The Search for Thor


Photo: Randi Millman-Brown
The tobacco pipe pistol is an iconic spy gadget.

Photo: private
Thor, with bowtie and pipe, ca. 1940.

Ithaca, N.Y.

Spycraft: Was Thor a spy? Was he engaged to a spy? Was he murdered for being a spy?

These are all questions I‘ve had since starting to research my book about my great-uncle Thor Einar Jensen several years ago. His mysterious death, every conceivable record being unavailable or missing, the impulsive engagement to someone he didn’t really know—all have led to the idea that something secret was going on – spying of some kind must have been involved.

Even before I started my research and writing, I had always been fascinated by spies, spying, the CIA, and espionage in general.  Ask my family. I have a large collection of books on spying. Favorite book? SOE Manual: How to be an Agent in Occupied Europe, the SOE, Special Operations Executive, was a secret British World War II organization founded in 1940. Favorite movie? Any James Bond or Mission Impossible movie, but my ultimate favorite is Spy with Melissa McCarthy. I guess I have always not so secretly wanted to be a spy.

The world’s first spy museum opened in Tampere, Finland, in 1998 ( When the International Spy Museum in Washington, D.C., opened in 2002, I immediately added it to my bucket list and visited the following year, writing an article for our local paper. Over the last few years I, luckily, have been able to visit four major spy museums:

Photo: Randi Millman-Brown
During World War II, spies had ingenious ways to hide things, as Randi Millman-Brown learned at this exhibit at the Norwegian Resistance Museum.

The International Spy Museum, Washington, D.C.,

Spyscape, New York,

Norway’s Resistance Museum, Oslo (not technically a spy museum, but they have a large collection of spy paraphernalia),

German Spy Museum, Berlin, Germany,

When I began my research, I had no idea I would be diving headfirst into the idea that my great-uncle might have been involved in the resistance. The Resistance Museum in Oslo has quite a large collection of objects from the spy trade. Since Thor was a banker and an amateur painter and photographer, I was intrigued by many of the objects that I thought he might have used. He was also an avid letter writer, so using invisible ink was certainly one of the methods I consider viable.

Another gadget that seems likely he might have used is a spy camera hidden in a pocket watch. If you have read my previous articles, you know that I now am in possession of Thor’s pocket watch. He used it daily, and it wouldn’t have been unusual (I think) for him to have an alternate watch that was used while working at Norges Bank. There were also ingenious ways to hide film in a loaf of bread (see example in photo below).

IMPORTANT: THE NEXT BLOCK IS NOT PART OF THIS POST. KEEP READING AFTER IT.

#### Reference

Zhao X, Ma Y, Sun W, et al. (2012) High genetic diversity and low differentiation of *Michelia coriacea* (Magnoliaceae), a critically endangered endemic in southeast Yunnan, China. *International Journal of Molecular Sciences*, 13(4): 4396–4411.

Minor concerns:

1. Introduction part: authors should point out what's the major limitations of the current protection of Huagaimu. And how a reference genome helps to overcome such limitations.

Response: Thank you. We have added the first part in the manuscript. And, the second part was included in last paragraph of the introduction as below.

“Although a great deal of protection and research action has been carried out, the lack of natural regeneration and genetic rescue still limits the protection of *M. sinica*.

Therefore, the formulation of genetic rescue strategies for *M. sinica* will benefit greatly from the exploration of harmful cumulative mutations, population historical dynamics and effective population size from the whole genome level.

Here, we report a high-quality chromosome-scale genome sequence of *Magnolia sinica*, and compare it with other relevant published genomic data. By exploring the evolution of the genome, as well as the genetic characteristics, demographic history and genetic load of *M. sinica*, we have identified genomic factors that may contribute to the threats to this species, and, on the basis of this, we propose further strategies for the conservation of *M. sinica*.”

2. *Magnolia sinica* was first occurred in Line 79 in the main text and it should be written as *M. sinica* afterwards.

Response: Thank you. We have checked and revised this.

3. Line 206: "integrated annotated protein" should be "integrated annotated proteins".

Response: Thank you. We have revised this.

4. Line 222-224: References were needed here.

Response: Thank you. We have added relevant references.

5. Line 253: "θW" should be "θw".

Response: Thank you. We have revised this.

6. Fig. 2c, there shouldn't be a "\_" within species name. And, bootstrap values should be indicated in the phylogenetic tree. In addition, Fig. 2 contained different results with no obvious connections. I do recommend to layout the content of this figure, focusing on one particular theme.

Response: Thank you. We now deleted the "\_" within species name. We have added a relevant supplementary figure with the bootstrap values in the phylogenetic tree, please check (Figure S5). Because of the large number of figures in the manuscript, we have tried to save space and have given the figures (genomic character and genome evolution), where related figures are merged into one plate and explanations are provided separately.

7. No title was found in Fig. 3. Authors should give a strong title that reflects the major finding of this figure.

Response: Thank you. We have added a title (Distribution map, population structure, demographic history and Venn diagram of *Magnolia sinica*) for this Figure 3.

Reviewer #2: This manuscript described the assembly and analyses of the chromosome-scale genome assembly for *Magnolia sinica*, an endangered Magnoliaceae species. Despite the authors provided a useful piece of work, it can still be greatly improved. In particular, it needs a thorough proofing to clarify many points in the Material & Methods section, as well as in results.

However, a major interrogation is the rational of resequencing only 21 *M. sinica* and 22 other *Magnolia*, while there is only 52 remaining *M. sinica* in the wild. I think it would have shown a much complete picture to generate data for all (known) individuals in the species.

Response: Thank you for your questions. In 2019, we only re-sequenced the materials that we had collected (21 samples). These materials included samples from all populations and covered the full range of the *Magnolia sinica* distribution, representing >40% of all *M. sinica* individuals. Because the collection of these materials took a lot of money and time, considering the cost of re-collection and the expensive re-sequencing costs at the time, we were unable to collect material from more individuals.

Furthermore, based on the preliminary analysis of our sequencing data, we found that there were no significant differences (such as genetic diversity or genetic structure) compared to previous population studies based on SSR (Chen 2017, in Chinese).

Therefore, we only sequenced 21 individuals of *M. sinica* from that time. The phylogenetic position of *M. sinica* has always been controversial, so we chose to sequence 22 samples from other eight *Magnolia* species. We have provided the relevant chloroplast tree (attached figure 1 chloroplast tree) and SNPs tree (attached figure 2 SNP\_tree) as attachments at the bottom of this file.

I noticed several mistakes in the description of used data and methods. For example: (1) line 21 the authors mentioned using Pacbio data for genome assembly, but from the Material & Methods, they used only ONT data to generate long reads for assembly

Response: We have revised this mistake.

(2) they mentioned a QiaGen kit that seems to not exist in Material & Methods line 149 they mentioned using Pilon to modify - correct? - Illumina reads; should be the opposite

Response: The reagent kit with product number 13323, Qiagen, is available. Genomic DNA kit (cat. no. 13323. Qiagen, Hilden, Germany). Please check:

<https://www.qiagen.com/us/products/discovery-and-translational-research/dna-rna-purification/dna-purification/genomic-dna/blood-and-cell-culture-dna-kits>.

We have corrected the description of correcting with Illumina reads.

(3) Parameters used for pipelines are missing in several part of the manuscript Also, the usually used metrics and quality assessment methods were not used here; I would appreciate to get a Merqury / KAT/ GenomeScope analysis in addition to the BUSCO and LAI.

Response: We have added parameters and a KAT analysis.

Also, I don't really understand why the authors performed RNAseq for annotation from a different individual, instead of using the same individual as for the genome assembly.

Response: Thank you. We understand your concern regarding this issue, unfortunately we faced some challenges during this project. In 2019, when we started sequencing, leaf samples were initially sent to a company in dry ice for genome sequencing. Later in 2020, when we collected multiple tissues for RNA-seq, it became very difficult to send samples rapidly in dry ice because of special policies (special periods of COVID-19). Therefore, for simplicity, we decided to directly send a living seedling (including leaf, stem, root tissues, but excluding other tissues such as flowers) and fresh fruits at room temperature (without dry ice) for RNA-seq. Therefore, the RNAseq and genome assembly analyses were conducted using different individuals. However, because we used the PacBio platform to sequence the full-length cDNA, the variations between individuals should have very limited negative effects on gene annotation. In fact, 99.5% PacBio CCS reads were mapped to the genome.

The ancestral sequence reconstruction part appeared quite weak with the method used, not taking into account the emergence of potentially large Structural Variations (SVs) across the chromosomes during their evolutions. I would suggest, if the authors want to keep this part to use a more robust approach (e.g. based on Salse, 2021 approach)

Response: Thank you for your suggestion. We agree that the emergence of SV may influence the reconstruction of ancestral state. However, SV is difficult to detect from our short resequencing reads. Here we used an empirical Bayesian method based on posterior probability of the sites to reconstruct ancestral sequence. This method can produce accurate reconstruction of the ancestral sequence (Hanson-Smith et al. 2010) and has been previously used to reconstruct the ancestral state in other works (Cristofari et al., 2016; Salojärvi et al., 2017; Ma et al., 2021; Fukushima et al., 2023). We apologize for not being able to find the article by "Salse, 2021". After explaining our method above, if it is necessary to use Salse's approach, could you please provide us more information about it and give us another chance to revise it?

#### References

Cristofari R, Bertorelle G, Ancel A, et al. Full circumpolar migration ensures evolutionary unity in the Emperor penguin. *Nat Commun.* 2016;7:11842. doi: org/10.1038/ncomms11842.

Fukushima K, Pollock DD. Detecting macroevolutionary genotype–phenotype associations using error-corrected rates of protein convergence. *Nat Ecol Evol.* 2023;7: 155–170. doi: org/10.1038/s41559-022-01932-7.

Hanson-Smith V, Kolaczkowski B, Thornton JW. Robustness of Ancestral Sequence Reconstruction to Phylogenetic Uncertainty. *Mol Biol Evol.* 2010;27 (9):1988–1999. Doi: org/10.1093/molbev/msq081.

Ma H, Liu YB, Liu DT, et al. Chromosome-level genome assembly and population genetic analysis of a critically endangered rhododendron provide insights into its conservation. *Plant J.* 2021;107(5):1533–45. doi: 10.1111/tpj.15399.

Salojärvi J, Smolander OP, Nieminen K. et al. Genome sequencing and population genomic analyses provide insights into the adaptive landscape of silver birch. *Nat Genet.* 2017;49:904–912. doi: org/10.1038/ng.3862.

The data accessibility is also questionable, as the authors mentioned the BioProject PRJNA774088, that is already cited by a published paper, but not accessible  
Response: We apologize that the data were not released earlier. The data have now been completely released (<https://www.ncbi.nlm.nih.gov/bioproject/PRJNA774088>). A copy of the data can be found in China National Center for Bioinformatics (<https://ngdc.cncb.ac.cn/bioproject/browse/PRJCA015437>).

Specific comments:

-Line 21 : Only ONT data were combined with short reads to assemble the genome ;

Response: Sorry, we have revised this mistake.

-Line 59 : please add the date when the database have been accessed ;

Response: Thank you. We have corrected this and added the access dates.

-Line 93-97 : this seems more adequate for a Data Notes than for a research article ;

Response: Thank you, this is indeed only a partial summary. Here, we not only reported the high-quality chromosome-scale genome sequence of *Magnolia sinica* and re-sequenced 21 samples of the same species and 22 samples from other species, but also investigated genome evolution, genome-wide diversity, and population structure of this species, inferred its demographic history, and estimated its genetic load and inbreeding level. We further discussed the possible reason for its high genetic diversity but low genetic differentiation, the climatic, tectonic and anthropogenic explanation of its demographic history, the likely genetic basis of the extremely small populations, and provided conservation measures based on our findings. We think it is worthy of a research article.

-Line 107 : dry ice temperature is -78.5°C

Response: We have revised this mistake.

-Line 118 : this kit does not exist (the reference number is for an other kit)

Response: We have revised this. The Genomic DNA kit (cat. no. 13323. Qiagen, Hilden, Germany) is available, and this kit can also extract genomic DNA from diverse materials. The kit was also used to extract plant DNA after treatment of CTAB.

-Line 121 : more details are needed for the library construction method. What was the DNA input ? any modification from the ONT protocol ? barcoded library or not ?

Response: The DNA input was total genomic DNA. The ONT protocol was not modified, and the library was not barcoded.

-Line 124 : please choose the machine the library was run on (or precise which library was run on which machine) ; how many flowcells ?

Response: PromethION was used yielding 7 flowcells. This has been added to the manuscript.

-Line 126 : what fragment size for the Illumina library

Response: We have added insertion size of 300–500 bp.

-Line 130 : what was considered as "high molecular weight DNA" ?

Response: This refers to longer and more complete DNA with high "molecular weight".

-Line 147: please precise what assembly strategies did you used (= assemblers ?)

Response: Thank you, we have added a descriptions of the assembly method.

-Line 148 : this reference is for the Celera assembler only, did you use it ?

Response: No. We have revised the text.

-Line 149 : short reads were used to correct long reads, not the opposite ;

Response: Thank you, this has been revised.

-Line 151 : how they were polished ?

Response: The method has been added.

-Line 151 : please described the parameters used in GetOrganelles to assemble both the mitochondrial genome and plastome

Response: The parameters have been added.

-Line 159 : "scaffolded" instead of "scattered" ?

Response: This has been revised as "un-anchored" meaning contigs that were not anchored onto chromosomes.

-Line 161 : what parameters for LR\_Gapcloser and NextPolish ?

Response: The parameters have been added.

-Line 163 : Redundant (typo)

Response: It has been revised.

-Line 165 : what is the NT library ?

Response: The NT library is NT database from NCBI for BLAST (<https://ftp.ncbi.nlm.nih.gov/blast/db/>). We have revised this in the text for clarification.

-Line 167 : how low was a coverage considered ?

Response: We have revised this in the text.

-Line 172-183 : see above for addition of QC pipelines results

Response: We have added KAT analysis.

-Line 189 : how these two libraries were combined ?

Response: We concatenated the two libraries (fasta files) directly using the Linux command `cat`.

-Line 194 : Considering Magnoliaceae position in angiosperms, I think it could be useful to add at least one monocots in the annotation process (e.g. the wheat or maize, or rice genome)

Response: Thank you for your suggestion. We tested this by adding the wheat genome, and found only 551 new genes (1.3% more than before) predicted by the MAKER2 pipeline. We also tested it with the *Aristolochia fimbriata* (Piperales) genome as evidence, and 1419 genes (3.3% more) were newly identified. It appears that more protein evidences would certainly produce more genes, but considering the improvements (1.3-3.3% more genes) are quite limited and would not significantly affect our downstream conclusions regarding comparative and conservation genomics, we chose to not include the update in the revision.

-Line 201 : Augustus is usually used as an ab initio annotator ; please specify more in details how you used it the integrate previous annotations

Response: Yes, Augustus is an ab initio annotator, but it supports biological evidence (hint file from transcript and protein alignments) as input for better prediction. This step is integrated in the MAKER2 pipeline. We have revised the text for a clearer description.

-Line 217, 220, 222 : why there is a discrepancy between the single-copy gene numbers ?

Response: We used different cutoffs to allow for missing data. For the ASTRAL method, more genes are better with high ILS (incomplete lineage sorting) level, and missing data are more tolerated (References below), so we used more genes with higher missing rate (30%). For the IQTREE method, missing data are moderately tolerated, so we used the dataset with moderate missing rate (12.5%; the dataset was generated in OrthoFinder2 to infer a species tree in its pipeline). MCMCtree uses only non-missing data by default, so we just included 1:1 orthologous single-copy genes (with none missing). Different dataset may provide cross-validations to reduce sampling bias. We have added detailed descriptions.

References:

One device that Thor also could have used is a necktie that could conceal a code printed on the silk, a code used to distribute sensitive information to the Norwegian resistance.  I have photographs of Thor wearing a necktie (bowtie). Thor would have also used a briefcase or attaché case on a daily basis, and the SOE created an incendiary briefcase to store concealed papers (I am thinking Thor might have used this to deliver classified bank documents). If you opened the case incorrectly, potassium nitrate would destroy the documents.

At the German Spy Museum in Berlin, where I visited last Christmas, there were many objects on display that were used by German and Allied spies. One of the first objects that caught my eye in the espionage collection was the tobacco pipe pistol.  In addition to photographs of Thor wearing a bowtie, both he and my grandfather smoked a pipe daily. In Thor’s diary from his summer ’41 hiking trip in Finnmark, he describes in detail his love of smoking, “…had some sandwiches and a good smoke which soon improved my mood…” and the efforts he went to purchase a new pipe. 

When his pipe was lost over the railing of the ferry he was on at the start of his trip, he found one for sale for NOK 2,30 ($0.25) in small bookstore in Bossekop, Alta. The owner, Mr. Kjelsvik, opened his store for Thor on a Sunday so he could purchase a new one. (Interesting side note: there is currently a Narvesen bookstore in perhaps the same location). Whether or not an artistic, quiet banker would have used a pipe pistol, it is intriguing to consider, especially with the inherent danger of working with the resistance. (And as far as spy gadgets his fiancé might have used, there was the infamous lipstick case with microfilm secret compartment.) 

I might never find out the real circumstances surrounding Thor’s untimely death at the age of 41, but I do believe that some level of spy craft was within the boundaries of possibilities.

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This article originally appeared in the Oct. 9, 2020, issue of The Norwegian American.

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Randi Millman-Brown

Randi Millman-Brown is an art historian, photographer, part-time genealogist, and writer living in Ithaca, N.Y. She can be contacted at